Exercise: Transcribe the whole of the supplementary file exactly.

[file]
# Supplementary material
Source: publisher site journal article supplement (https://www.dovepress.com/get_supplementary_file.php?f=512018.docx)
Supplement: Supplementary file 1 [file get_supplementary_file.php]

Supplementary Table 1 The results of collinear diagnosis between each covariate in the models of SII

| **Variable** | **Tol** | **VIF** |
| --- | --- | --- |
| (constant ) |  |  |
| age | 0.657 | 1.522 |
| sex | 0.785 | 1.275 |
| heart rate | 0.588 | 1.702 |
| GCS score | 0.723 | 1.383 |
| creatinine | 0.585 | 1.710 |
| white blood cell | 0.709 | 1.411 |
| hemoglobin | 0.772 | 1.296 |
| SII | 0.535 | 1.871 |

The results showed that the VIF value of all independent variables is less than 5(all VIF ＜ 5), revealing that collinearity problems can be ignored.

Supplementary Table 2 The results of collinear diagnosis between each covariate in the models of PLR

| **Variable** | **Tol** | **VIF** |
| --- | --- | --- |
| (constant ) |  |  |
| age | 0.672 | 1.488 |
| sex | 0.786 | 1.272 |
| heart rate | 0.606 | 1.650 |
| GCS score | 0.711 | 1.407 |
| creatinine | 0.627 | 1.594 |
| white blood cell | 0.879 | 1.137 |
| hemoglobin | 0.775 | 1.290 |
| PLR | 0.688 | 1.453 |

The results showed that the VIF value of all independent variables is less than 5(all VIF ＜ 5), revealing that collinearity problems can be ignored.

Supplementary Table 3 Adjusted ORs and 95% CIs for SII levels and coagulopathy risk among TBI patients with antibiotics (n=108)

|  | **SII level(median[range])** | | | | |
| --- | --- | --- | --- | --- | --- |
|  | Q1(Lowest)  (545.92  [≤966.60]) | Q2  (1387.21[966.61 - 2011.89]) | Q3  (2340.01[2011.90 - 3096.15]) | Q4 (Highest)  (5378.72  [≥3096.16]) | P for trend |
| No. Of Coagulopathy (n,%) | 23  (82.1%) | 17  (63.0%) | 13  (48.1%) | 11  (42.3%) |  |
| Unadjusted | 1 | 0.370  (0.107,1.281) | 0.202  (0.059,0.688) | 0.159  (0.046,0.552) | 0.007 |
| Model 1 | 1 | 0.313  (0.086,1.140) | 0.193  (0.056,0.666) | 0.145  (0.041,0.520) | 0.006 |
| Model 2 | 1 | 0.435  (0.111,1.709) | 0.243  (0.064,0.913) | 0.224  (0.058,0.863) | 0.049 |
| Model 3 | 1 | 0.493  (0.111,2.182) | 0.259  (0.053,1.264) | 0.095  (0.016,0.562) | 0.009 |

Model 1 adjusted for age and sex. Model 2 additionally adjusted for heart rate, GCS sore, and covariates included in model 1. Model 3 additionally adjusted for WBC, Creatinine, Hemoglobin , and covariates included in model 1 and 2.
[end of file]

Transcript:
# Supplementary material
Source: publisher site journal article supplement (https://www.dovepress.com/get_supplementary_file.php?f=512018.docx)
Supplement: Supplementary file 1 [file get_supplementary_file.php]

Supplementary Table 1 The results of collinear diagnosis between each covariate in the models of SII

| **Variable** | **Tol** | **VIF** |
| --- | --- | --- |
| (constant ) |  |  |
| age | 0.657 | 1.522 |
| sex | 0.785 | 1.275 |
| heart rate | 0.588 | 1.702 |
| GCS score | 0.723 | 1.383 |
| creatinine | 0.585 | 1.710 |
| white blood cell | 0.709 | 1.411 |
| hemoglobin | 0.772 | 1.296 |
| SII | 0.535 | 1.871 |

The results showed that the VIF value of all independent variables is less than 5(all VIF ＜ 5), revealing that collinearity problems can be ignored.

Supplementary Table 2 The results of collinear diagnosis between each covariate in the models of PLR

| **Variable** | **Tol** | **VIF** |
| --- | --- | --- |
| (constant ) |  |  |
| age | 0.672 | 1.488 |
| sex | 0.786 | 1.272 |
| heart rate | 0.606 | 1.650 |
| GCS score | 0.711 | 1.407 |
| creatinine | 0.627 | 1.594 |
| white blood cell | 0.879 | 1.137 |
| hemoglobin | 0.775 | 1.290 |
| PLR | 0.688 | 1.453 |

The results showed that the VIF value of all independent variables is less than 5(all VIF ＜ 5), revealing that collinearity problems can be ignored.

Supplementary Table 3 Adjusted ORs and 95% CIs for SII levels and coagulopathy risk among TBI patients with antibiotics (n=108)

|  | **SII level(median[range])** | | | | |
| --- | --- | --- | --- | --- | --- |
|  | Q1(Lowest)  (545.92  [≤966.60]) | Q2  (1387.21[966.61 - 2011.89]) | Q3  (2340.01[2011.90 - 3096.15]) | Q4 (Highest)  (5378.72  [≥3096.16]) | P for trend |
| No. Of Coagulopathy (n,%) | 23  (82.1%) | 17  (63.0%) | 13  (48.1%) | 11  (42.3%) |  |
| Unadjusted | 1 | 0.370  (0.107,1.281) | 0.202  (0.059,0.688) | 0.159  (0.046,0.552) | 0.007 |
| Model 1 | 1 | 0.313  (0.086,1.140) | 0.193  (0.056,0.666) | 0.145  (0.041,0.520) | 0.006 |
| Model 2 | 1 | 0.435  (0.111,1.709) | 0.243  (0.064,0.913) | 0.224  (0.058,0.863) | 0.049 |
| Model 3 | 1 | 0.493  (0.111,2.182) | 0.259  (0.053,1.264) | 0.095  (0.016,0.562) | 0.009 |

Model 1 adjusted for age and sex. Model 2 additionally adjusted for heart rate, GCS sore, and covariates included in model 1. Model 3 additionally adjusted for WBC, Creatinine, Hemoglobin , and covariates included in model 1 and 2.